Alice Sebold, best known for her novel "The Lovely Bones," will be the keynote speaker at the Kachemak Bay Writer's Conference, scheduled for June 13-17. "Bones," which was made into a movie directed by Peter Jackson, was a best-seller and remains a strong candidate for the title of most impressive debut American novel of the past 10 years.

The faculty will include well-known Alaska writers, including Richard Chiappone, Nancy Lord, former Daily News reporter Tom Kizzia and poet Peggy Shumaker. Eowyn Ivey, whose "The Snow Child" remains in the top 10 for paperback fiction on the Pacific Northwest Independent Booksellers list and whose career got a big boost from the conference, will be a guest speaker.

Participants can receive agent/editor consultations and manuscript reviews and receive academic credit. Free evening readings are open to the public. Enrollment is $375 prior to May 2. More information is available at or by shooting an email to

2014 resolutions

A few upcoming presentations on my must-see list for next year:

Perseverance Theatre will debut Arlitia Jones' newest play, "Rush at Everlasting," directed by the estimable Bostin Christopher. The show runs Feb. 14-22. In April, Perseverance will bring its production of Tennessee Williams' oft-staged "Cat on a Hot Tin Roof," but I'm much more interested in what UAA Theatre Department will do with another Williams play, "Night of the Iguana," also opening Feb. 14 and running through March 2.

Cyrano's will present Dick Reichman's latest, "Audition." The blurb says it's about a legendary stage director who visits a small theater (much like Cyrano's) to teach a master class. "Local actors read for her, hoping to escape their ordinary lives for theatrical careers in New York." The setup promises to be funny or insightful or both. We'll look forward to seeing which way Reichman goes with the idea.

A new and localized version of Johann Strauss' "Die Fledermaus" will come to life courtesy of Anchorage Opera, April 4-6. This version, subtitled "The Polar Bat," has been tweaked and reset in more or less contemporary Alaska by playwright Deborah Brevoort, once a resident of Homer before going on to bigger things back east and best known as the librettist for the musical "A King Island Christmas."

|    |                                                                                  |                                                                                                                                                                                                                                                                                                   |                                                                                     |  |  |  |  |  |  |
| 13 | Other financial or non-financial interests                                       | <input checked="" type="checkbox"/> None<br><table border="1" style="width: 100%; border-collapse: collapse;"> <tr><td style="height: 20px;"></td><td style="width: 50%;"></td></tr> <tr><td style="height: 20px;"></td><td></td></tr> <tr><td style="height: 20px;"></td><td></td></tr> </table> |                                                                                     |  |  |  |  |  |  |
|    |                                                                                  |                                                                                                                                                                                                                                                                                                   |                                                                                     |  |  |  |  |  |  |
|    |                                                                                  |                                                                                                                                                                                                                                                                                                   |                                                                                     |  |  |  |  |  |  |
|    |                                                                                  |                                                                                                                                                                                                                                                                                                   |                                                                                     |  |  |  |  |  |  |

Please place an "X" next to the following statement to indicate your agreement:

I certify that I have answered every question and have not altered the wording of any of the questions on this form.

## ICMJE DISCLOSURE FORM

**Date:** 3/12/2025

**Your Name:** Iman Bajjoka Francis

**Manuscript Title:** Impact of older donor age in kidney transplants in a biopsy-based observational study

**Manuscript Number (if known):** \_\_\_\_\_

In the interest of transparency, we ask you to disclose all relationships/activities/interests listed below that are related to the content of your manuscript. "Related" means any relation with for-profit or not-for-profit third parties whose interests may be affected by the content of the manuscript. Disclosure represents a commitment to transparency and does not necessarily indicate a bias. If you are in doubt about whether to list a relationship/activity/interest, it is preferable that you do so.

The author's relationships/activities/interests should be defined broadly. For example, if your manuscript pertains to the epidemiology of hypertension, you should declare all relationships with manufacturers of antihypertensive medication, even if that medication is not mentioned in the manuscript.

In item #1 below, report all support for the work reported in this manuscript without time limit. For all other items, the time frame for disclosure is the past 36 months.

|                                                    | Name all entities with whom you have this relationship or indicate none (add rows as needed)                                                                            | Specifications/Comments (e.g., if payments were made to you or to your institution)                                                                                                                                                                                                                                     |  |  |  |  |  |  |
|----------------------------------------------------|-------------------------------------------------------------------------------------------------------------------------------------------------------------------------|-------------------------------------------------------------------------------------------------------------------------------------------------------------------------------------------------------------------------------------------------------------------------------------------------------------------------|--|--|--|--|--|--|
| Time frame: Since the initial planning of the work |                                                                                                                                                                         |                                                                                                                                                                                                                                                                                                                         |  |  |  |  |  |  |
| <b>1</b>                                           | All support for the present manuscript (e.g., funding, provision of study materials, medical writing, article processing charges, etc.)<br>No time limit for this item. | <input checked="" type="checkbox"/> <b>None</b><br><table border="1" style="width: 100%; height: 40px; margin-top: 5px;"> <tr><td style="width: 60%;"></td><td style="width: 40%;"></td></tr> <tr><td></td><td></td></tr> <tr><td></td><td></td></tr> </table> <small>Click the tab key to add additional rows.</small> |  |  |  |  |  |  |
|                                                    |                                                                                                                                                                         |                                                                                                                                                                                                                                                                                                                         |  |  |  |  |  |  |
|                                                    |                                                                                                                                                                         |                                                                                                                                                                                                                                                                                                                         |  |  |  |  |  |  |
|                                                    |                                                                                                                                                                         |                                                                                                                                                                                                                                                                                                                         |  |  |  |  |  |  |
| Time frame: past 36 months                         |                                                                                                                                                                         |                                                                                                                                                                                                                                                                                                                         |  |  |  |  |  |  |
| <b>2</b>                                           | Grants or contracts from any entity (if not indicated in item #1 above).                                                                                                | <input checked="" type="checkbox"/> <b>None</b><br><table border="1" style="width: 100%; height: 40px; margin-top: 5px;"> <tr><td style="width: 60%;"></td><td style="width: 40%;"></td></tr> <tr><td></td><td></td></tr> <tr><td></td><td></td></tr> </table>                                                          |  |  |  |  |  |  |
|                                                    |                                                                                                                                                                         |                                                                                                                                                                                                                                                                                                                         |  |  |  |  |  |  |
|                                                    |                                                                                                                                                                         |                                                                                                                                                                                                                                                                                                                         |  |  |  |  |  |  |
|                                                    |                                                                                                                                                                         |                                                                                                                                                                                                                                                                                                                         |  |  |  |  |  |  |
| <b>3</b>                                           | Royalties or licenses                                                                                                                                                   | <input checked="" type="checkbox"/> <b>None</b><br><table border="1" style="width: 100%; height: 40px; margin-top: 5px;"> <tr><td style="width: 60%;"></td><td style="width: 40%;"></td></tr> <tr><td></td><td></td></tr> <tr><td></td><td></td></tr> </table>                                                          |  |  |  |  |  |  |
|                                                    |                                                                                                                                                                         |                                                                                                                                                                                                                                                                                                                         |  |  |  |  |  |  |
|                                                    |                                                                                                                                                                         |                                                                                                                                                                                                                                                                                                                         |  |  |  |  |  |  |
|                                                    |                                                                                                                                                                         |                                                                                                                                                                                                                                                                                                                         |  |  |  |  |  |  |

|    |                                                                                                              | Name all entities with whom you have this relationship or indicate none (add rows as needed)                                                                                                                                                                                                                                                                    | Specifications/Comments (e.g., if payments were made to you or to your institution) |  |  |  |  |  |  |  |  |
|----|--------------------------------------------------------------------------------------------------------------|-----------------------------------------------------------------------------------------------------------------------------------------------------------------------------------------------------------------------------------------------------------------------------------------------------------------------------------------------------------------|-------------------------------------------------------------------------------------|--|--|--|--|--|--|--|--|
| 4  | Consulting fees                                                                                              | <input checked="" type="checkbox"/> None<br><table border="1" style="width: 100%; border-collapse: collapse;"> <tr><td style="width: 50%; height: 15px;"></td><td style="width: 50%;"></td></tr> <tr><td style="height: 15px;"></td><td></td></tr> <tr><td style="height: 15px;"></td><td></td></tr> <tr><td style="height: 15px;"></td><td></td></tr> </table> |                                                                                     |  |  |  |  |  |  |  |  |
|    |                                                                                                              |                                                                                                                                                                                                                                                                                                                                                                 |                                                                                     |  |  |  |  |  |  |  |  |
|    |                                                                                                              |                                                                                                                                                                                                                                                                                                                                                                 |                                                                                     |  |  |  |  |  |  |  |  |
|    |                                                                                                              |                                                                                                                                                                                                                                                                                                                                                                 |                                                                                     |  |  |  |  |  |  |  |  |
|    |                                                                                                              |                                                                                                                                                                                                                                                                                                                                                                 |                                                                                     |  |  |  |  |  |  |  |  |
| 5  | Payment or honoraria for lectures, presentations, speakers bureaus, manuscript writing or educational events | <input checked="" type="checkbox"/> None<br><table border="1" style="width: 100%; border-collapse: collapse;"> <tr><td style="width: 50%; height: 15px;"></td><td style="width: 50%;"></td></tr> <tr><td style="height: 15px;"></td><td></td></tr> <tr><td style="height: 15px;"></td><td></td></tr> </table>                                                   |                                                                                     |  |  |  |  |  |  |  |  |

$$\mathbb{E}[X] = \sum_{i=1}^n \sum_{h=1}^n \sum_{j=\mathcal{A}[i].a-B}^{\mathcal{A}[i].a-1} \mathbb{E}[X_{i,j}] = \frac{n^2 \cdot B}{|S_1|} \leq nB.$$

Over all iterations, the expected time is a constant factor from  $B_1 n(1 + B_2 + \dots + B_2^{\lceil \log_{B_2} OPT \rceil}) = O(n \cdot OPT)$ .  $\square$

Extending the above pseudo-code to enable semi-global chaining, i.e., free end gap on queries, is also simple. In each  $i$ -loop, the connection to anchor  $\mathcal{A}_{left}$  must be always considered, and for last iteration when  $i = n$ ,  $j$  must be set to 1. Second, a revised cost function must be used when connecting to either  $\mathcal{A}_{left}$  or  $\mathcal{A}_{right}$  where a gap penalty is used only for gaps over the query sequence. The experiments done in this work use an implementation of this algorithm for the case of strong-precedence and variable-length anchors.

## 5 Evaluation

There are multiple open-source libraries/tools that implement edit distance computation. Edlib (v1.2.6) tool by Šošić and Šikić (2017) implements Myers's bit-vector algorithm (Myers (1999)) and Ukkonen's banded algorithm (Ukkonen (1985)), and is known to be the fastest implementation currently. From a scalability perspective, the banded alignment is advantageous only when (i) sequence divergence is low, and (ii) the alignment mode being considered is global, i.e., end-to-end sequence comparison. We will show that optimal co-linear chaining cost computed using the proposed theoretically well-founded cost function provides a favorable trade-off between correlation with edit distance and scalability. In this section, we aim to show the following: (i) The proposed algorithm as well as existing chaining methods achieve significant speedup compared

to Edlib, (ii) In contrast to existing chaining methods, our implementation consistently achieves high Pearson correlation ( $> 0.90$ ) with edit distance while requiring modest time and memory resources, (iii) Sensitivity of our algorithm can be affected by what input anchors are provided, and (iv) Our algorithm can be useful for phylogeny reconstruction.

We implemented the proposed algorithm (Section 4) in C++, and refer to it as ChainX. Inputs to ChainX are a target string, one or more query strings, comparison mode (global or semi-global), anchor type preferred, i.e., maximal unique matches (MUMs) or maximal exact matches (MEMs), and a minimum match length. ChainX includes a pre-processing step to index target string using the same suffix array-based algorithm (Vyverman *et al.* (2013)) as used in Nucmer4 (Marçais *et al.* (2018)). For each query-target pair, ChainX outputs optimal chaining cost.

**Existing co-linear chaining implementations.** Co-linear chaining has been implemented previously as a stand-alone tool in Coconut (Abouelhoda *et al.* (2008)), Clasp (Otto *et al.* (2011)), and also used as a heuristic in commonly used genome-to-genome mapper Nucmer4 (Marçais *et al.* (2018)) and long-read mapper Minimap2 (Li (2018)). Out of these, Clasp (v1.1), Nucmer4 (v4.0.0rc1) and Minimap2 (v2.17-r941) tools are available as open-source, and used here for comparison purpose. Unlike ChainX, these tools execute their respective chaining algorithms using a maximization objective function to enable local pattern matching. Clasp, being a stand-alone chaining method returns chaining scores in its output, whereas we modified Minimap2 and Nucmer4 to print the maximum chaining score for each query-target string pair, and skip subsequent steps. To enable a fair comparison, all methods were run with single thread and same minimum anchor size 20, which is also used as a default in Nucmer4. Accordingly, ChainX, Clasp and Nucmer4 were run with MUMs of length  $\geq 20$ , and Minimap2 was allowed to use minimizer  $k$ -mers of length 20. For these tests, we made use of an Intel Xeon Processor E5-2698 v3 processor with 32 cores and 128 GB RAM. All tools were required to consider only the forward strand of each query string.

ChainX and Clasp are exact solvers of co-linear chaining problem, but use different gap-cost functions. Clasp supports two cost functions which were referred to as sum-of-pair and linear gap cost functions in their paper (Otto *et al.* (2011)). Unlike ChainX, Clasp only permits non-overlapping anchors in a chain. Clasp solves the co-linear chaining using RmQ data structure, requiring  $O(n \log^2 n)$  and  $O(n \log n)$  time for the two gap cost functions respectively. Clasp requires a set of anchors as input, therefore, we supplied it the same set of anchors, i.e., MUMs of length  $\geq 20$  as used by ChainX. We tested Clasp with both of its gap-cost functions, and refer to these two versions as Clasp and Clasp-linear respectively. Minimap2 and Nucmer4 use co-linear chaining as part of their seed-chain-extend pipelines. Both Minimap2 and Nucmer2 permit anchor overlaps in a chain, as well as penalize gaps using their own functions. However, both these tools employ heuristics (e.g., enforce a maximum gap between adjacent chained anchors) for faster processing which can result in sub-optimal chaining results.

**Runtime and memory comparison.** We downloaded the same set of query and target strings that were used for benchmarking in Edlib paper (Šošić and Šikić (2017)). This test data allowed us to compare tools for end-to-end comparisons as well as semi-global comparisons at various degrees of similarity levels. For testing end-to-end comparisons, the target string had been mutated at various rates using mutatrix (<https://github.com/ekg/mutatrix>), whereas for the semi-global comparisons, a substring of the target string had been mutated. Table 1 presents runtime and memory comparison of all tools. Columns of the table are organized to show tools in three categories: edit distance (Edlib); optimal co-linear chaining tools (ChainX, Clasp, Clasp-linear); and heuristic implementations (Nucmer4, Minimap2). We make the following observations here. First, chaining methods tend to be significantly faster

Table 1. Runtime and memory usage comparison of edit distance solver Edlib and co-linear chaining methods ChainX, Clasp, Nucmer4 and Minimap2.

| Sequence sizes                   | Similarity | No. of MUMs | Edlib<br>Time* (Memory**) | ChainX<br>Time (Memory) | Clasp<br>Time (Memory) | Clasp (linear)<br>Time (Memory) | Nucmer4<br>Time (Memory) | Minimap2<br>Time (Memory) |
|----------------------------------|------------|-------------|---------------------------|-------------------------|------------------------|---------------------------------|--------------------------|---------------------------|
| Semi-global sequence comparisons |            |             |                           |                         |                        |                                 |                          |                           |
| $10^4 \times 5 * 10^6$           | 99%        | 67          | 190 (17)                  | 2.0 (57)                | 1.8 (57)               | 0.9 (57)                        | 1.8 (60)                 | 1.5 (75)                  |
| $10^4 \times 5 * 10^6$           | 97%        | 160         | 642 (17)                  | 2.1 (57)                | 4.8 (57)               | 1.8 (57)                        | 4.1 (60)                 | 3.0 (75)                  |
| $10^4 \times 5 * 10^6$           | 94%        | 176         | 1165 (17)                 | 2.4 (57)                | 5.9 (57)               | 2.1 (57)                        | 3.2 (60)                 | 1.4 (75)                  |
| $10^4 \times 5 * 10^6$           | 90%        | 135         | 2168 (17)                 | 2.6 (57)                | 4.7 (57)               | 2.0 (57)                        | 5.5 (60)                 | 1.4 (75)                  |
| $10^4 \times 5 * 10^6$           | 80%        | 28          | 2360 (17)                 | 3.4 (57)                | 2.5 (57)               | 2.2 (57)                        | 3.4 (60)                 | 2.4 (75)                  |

Violinist Paul Rosenthal will take the guest seat in the Alaska Airlines Winter Classics programs -- a series he inaugurated -- when he joins cellist Zuille Bailey and pianist Piers Lane in concerts Feb. 14-16. Somewhere in the trio of programs are both Schubert Piano Trios.

The Metropolitan Opera live HD broadcasts are shown at both Regal Tikahtnu and Century 16 theaters as well as in Fairbanks, as recently reported, and at the Homer Family Theater, as we just learned recently. I'm particularly looking forward to Dvorak's "Rusalka" -- kind of a Czech version of "The Little Mermaid" -- on Feb. 8, repeating Feb. 12. Renee Fleming in the title role is a big draw, but what really got my attention is the fabulous mezzo Dolora Zajick as Jezibaba, the witch.

The Anchorage Museum shows what can be done with flotsam in a big exhibit titled "Gyre: The Plastic Ocean" opening Feb. 7. The show is said to address "the global marine debris crisis" and includes a science component and art made from repurposed ocean-borne trash, including some made from the four tons of beach junk gathered at Hallo Bay in Alaska last year. Which reminds us of another great resolution for 2014 -- don't litter.

Reach Mike Dunham at or 257-4332.